The above picture shows Thomas Edward Lawrence long after the Great War, when he is a mere enlisted airman trying to fly under an assumed name. Foiled in that attempt to escape his own legend, Lawrence of Arabia was perhaps trying to connect with the ghosts of his brothers, who have both been killed flying combat missions a few weeks apart during 1915.
This has been a busy year for Lawrence as well as a tragic one. Recruited to help draft a military map of the Sinai a few weeks into the war after the Ottoman Empire joined the Central Powers, he commissioned as a lieutenant and shipped off to Cairo before the end of 1914. Experts on the Arab world were at a premium. Having returned from a survey of southern Palestine for the British Museum and Lord Kitchener only in February of the year the war began, Lawrence’s book detailing the civilian mission, The Wilderness of Zin, was sent to the printer at almost the same time he left for Egypt.
He has since proven an adept intelligence hand. For nearly a year, Lawrence has interviewed prisoners, examined aerial photos, drafted maps, handled covert information from sources inside enemy territory, and traveled to Greece in order to work out a smooth information-sharing relationship with the British intelligence office in Athens. He has also written reams of copy: an officers’ handbook on the Ottoman Army, daily Intelligence Bulletins “for the edification of twenty-eight generals,” and most significantly, secret plans to spark an Arab uprising.
Beginning in January, Lawrence proposed an amphibious assault on Alexandretta, landing troops in the vital crossroads region of Turkey and cutting off the Berlin-to-Baghdad railroad. This action, he proposes, will incite the disaffected Arabs of Syria and Iraq and Arabia to revolt against their masters in Constantinople. While approved by London, the operation was not carried out due to the demands of the Gallipoli beachheads. Yet his essential theory is correct: the Arabs are indeed quite ready to shed the shackles of the Ottoman caliphate, and the Sharif of Mecca is eager to break Turkey’s nominal control of the holy city.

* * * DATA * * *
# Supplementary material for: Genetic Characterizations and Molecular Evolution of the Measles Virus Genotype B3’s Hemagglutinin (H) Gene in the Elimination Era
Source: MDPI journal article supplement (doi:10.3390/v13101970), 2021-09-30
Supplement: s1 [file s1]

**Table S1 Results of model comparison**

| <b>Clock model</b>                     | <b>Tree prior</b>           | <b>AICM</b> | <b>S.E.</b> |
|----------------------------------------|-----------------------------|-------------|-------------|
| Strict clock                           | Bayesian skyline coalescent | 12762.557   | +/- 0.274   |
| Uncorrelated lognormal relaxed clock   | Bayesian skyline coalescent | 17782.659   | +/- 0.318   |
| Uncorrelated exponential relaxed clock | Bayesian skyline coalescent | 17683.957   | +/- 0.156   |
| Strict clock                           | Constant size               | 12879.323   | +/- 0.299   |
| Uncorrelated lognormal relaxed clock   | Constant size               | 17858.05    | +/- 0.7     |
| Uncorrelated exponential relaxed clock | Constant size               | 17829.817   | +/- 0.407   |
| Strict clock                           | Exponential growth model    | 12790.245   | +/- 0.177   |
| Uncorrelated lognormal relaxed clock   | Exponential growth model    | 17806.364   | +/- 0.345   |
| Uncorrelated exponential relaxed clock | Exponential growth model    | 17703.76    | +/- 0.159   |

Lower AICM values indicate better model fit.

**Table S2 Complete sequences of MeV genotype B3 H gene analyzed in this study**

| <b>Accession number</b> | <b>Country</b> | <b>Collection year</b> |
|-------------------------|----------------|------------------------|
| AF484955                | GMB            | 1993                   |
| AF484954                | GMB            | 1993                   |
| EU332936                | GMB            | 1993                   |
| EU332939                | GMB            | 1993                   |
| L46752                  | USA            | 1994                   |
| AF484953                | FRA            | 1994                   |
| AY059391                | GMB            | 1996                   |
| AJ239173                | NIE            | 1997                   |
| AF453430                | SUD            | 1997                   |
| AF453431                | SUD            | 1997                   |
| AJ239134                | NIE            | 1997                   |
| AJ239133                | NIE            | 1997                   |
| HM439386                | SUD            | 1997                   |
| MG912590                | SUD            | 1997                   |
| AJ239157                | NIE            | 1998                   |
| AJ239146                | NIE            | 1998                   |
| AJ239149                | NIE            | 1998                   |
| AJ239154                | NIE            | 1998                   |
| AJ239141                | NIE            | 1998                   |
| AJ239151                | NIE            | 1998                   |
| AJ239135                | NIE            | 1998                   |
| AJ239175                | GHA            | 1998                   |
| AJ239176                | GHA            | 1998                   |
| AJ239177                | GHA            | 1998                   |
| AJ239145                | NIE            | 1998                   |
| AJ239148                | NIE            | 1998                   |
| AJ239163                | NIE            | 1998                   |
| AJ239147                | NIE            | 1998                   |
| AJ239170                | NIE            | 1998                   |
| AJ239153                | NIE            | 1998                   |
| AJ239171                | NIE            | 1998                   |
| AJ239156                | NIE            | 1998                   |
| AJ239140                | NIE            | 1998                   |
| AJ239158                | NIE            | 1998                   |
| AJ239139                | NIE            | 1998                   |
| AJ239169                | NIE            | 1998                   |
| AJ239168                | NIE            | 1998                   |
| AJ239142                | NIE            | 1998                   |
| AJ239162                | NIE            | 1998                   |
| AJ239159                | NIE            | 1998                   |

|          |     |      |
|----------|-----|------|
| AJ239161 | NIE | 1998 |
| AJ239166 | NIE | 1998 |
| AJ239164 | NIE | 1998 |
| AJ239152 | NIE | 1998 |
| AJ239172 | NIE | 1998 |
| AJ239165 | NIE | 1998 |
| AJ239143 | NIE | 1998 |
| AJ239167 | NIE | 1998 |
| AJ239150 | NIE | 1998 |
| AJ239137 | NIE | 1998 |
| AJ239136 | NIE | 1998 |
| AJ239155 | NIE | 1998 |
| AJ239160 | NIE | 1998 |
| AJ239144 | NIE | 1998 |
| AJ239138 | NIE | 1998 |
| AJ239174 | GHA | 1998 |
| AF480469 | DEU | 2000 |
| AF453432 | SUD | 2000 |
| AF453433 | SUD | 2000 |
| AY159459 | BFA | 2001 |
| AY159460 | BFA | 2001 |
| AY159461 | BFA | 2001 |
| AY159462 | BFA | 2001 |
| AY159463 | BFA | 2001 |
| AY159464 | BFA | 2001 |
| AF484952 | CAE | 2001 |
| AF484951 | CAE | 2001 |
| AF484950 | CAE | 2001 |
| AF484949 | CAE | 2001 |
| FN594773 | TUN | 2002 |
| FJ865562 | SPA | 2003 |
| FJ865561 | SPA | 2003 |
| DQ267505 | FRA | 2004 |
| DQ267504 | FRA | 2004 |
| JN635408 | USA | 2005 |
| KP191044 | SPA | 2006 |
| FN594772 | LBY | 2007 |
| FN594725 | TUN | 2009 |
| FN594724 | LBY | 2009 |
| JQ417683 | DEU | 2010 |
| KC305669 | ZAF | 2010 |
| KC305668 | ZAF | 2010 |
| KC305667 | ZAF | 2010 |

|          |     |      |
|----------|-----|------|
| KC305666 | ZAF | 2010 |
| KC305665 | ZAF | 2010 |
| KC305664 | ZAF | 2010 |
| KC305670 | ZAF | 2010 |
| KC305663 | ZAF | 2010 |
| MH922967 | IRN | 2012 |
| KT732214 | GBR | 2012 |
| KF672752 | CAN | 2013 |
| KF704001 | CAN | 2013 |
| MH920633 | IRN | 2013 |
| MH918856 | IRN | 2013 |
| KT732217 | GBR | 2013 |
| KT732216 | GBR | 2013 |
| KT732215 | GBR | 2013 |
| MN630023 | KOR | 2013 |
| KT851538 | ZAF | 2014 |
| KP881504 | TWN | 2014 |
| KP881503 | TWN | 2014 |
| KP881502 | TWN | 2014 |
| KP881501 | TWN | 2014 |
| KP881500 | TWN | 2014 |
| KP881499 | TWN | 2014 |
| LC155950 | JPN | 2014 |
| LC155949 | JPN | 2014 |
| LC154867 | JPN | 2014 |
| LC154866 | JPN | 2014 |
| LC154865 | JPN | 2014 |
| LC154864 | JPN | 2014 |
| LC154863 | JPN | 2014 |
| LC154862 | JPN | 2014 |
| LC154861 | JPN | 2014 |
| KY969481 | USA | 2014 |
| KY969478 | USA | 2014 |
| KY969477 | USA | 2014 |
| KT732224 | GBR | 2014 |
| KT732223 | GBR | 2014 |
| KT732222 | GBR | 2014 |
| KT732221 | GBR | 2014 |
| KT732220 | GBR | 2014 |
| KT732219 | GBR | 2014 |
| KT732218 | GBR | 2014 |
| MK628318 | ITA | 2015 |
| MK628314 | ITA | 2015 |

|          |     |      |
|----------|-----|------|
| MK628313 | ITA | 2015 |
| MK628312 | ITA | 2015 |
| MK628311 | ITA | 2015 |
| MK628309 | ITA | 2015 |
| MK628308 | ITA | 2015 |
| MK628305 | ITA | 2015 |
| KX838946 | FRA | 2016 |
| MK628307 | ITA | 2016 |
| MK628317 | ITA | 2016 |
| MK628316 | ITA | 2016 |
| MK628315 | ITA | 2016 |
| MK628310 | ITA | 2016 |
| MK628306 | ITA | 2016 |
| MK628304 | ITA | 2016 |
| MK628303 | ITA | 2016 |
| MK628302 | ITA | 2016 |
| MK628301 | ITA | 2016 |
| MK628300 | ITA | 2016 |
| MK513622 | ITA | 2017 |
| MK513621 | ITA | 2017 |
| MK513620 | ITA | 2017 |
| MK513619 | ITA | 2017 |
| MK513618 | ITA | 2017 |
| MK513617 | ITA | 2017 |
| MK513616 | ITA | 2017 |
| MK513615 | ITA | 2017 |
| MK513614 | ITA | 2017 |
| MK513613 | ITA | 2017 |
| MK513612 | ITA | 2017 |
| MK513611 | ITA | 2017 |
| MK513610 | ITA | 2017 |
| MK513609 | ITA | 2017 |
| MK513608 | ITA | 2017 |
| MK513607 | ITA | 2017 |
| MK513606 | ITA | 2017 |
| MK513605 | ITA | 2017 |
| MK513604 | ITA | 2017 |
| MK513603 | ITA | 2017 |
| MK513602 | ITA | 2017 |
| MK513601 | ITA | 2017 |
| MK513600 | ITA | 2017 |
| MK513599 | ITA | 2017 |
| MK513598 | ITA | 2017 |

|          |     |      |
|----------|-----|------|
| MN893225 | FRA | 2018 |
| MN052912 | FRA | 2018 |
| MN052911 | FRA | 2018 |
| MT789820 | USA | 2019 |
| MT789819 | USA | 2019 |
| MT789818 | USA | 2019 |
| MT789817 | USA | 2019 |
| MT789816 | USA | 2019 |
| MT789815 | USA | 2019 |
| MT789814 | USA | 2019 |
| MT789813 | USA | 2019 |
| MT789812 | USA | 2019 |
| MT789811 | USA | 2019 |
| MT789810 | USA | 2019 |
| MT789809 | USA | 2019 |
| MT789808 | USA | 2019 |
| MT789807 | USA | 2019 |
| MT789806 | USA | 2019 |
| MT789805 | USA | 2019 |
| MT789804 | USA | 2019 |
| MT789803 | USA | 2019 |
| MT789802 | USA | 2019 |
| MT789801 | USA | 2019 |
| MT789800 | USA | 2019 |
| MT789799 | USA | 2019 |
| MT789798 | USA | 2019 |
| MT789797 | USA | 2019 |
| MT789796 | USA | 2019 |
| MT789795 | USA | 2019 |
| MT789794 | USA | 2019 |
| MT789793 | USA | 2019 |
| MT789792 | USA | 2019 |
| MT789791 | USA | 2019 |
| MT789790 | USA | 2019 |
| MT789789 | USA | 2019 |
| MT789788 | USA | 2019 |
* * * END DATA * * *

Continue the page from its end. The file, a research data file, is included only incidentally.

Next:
He has also written Syria: the Raw Material, a white paper analyzing the region that will become the future states of Syria, Jordan, and Israel. Taking an intersectional approach that includes an appreciation for language, customs, and religion, Lawrence advises against trying to impose an outside strongman. “The only imposed government that will find, in Moslem Syria, any really prepared groundwork or large body of adherents is a Sunni one, speaking Arabic, and pretending to revive the Abbasides or Ayubides,” he declares, foreshadowing the next 100 years of regional history.
Today, Second Lieutenant Thomas Lawrence arrives in Sollum, a town on the border of Libya. Situated at the long end of a desert track, far past the end of the coastal motor road and well beyond the reach of the rail line to Dabaa, it is a remote headquarters for the sparsely-patrolled western sector. British intelligence has been watching a Turkish-led uprising across the border in Cyrenaica (eastern Libya) since the summer, when militant followers of the Senussi sect massacred Italian troops garrisoned in Tripoli. Ominous signs indicate that the insurgency is now turning in Egypt’s direction, threatening to to catch the British empire’s vital Suez canal link with India in a double pincer opposite Turkish attacks in the Sinai. Troops and weapons are already being directed to the scene.
Lawrence is here to deliver a new telegraph cipher for secure communications with Cairo. Ever the scholar, he has devised it himself in answer to London’s concerns that nationalists in Egypt’s state-owned telegraph company may have cooperated with German intelligence to break the ciphers already in use. Creating the encryption scheme in a single morning, Lawrence’s arrival today to drop off copies earns him a commendation for “exemplary service” in what is to be one of the least-known, but most formative campaigns of the war. It is a stepping-stone to his ambitions of Arab revolution.